Second, the Office of Engineering and Technology (OET) and the International Bureau will report on implementation of the results of the 2003 World Radiocommunication Conference.
Third, the FCC will consider a Notice of Proposed Rulemaking (NPRM) regarding earth stations on board vessels that are used to provide broadband telecommunications services on passenger, government, cargo, and recreational vessels. This is IB Docket No. 02-10.
Fourth, the FCC will consider a R&O to provide an additional 255 MHz of spectrum for unlicensed wireless devices operating in the 5 GHz region. This is ET Docket No. 03-122.
On May 15, 2003, the FCC announced its NPRM that proposes to nearly double the amount of spectrum for unlicensed use. The main use of this spectrum will likely be 802.11 (Wi-Fi) and Bluetooth devices. The additional spectrum will be in the 5.470-5.725 GHz band. It would be available for use by unlicensed National Information Infrastructure (U-NII) devices, including Radio Local Area Networks (RLANs), operating under Part 15 of the FCC's rules. See, story titled "FCC Adopts NPRM to Increase Unlicensed Spectrum" in TLJ Daily E-Mail Alert No. 663, May 16, 2003.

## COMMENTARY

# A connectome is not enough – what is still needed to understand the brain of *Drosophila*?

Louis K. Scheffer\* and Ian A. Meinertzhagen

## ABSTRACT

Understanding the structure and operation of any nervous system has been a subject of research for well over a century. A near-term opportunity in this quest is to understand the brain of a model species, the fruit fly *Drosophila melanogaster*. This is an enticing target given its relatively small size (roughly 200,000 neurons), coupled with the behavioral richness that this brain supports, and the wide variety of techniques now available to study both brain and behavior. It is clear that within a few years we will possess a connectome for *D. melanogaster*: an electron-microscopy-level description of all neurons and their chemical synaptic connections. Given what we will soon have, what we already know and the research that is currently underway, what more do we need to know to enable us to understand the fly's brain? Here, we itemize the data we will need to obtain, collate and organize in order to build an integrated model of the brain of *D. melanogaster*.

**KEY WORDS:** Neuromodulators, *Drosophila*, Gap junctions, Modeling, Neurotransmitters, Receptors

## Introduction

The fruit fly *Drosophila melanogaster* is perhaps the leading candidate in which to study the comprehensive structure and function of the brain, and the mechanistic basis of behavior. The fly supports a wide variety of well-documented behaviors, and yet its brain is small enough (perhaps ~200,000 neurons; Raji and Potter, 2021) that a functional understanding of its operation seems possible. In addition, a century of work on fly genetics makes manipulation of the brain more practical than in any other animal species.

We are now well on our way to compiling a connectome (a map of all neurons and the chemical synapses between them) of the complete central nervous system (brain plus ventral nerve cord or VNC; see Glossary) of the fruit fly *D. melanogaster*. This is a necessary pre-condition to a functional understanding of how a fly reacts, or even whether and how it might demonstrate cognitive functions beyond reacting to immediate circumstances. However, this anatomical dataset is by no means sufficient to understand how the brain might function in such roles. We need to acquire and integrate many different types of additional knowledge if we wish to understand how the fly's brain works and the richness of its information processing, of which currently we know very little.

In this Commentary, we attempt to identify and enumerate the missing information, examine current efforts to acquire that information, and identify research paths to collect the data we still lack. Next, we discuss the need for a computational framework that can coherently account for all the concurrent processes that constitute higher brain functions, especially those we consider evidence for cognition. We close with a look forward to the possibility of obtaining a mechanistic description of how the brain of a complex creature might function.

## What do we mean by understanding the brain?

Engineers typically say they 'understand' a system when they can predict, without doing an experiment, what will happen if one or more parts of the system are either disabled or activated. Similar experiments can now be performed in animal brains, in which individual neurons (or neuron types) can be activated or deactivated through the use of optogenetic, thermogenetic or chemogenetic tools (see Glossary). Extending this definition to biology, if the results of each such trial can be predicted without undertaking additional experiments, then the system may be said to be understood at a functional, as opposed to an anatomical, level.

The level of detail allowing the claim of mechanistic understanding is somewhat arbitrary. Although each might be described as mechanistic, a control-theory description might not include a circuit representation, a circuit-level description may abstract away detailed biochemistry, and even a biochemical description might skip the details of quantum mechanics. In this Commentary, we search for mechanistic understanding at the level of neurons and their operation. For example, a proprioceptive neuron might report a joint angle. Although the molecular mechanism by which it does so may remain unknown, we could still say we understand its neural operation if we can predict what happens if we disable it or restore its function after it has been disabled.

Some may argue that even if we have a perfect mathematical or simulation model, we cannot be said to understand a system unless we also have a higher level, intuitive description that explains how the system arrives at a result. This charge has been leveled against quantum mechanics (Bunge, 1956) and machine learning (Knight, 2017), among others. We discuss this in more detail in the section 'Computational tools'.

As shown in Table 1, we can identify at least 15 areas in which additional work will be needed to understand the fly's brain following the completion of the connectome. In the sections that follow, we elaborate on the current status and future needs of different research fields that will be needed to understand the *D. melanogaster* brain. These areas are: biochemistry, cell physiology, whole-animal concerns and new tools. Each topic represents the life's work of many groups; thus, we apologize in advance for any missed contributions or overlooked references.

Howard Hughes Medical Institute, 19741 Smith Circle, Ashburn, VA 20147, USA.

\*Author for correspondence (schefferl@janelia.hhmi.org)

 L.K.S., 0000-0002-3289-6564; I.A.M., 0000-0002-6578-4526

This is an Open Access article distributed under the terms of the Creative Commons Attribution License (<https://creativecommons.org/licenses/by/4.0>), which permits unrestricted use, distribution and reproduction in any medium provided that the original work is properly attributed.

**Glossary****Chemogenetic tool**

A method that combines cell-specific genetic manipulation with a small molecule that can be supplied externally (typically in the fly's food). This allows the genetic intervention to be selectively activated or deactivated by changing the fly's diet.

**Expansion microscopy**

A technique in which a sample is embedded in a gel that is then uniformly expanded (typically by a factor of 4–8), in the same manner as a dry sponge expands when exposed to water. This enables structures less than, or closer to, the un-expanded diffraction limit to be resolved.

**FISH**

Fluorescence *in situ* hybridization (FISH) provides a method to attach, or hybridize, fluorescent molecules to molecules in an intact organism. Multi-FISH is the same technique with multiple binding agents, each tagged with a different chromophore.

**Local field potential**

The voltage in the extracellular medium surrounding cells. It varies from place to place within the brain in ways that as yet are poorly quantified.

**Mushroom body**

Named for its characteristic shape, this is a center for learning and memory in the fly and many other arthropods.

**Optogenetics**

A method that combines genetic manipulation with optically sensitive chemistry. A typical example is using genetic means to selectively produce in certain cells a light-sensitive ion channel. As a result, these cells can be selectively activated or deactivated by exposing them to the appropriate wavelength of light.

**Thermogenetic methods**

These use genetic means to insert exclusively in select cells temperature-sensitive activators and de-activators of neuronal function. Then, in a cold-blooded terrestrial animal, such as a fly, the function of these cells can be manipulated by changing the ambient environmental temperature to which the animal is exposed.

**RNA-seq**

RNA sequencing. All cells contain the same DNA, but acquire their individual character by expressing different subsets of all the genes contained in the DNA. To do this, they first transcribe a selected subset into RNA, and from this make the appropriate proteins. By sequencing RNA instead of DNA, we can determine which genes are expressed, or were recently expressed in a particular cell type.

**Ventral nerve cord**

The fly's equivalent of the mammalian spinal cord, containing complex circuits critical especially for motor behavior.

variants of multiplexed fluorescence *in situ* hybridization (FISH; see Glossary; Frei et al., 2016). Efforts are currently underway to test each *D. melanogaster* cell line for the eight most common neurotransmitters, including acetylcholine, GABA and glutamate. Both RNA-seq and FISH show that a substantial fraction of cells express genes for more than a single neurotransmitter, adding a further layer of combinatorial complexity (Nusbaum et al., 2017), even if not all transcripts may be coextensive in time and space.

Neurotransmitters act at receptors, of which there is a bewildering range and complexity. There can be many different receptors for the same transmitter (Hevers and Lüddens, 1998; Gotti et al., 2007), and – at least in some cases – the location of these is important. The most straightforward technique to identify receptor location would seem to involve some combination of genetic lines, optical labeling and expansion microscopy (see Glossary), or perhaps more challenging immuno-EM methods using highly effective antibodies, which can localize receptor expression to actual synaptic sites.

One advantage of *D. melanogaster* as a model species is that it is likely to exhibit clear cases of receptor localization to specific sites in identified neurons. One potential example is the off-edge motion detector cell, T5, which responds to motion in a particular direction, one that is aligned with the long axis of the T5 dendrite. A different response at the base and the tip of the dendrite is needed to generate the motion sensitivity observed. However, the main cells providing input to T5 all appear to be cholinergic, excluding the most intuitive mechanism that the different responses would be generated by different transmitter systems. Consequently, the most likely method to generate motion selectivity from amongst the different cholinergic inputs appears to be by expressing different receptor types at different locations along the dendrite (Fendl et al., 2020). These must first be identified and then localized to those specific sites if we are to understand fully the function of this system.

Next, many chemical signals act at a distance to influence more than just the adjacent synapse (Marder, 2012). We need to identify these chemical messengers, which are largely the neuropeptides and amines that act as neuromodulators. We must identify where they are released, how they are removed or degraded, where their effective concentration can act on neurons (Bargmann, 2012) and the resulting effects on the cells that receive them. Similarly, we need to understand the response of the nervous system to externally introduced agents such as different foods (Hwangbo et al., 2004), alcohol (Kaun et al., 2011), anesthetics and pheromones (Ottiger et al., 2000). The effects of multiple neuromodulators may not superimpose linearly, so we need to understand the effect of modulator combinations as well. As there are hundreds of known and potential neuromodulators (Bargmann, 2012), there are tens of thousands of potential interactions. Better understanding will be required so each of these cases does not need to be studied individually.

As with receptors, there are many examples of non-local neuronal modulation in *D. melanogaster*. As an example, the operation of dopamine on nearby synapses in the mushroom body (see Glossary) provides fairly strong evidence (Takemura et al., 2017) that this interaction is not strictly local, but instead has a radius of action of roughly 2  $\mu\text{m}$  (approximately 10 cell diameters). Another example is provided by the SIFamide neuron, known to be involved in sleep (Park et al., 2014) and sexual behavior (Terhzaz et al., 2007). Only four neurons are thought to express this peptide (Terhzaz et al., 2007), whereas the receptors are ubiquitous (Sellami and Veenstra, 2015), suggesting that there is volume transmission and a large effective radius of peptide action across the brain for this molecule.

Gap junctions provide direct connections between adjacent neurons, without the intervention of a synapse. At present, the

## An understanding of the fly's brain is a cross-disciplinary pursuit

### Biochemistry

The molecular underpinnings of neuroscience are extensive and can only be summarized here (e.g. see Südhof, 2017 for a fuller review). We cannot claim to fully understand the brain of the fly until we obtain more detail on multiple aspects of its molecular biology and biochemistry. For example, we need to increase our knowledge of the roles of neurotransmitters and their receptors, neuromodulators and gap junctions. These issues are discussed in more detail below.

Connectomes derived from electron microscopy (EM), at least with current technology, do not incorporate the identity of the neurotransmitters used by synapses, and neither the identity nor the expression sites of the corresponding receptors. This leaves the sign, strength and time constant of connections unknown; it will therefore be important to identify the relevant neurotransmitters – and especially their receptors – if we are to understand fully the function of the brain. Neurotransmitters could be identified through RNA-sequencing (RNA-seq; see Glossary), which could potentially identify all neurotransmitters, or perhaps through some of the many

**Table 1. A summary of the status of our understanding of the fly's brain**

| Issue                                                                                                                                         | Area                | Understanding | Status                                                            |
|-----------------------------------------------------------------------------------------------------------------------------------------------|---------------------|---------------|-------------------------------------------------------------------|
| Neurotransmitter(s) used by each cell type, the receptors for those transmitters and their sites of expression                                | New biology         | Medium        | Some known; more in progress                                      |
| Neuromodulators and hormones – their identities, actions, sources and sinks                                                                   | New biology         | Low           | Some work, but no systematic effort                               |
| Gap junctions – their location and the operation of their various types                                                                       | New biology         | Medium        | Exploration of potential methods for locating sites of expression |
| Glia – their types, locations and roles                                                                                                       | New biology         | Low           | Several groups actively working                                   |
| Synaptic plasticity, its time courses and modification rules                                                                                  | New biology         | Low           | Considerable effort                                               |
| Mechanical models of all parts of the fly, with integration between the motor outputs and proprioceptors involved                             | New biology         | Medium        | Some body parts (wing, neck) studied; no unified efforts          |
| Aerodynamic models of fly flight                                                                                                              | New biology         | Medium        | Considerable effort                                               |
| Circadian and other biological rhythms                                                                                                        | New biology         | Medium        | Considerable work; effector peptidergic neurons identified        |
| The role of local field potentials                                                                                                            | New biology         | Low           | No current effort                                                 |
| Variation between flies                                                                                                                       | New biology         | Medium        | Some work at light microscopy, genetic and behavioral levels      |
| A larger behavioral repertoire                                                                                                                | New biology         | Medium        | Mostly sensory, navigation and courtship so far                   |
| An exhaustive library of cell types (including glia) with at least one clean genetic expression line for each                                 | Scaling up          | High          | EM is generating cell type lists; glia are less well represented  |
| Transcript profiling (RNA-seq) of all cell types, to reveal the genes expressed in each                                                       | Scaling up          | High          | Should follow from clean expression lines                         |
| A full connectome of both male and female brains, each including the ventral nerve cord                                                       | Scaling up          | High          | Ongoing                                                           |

On June 4, 2003, the FCC released the text of this Notice of Proposed Rulemaking [28 pages in PDF]. See, story titled "FCC Releases NPRM Regarding Increasing Amount of Unlicensed Spectrum" in TLJ Daily E-Mail Alert No. 674, June 5, 2003. The FCC published a notice in the Federal Register (July 25, 2003, Vol. 68, No. 143, at Pages 44011 - 44020) describing this NPRM and setting comment deadlines.
Representatives and Senators have also introduced legislation that would require the FCC to allocate more spectrum for unlicensed uses. See, stories titled "FCC Unlicensed Spectrum NPRM and the Jumpstart Broadband Act" in TLJ Daily E-Mail Alert No. 663, May 16, 2003; and "Sen. Boxer and Sen. Allen Introduce WiFi Spectrum Bill", in TLJ Daily E-Mail Alert No. 586, January 20, 2003.
Also, the WRC-03 conference in Geneva, Switzerland from June 9 through July 4, 2003 adopted a resolution pertaining to spectrum for unlicensed devices. It provides "that this Conference has allocated the bands 5 150-5 350 MHz and 5 470-5 725 MHz on a primary basis to the mobile service for the implementation of wireless access systems (WAS), including radio local area networks (RLANs)". See also, story titled "Delegates Discuss World Radiocommunications Conference" in TLJ Daily E-Mail Alert No. 703, July 22, 2003.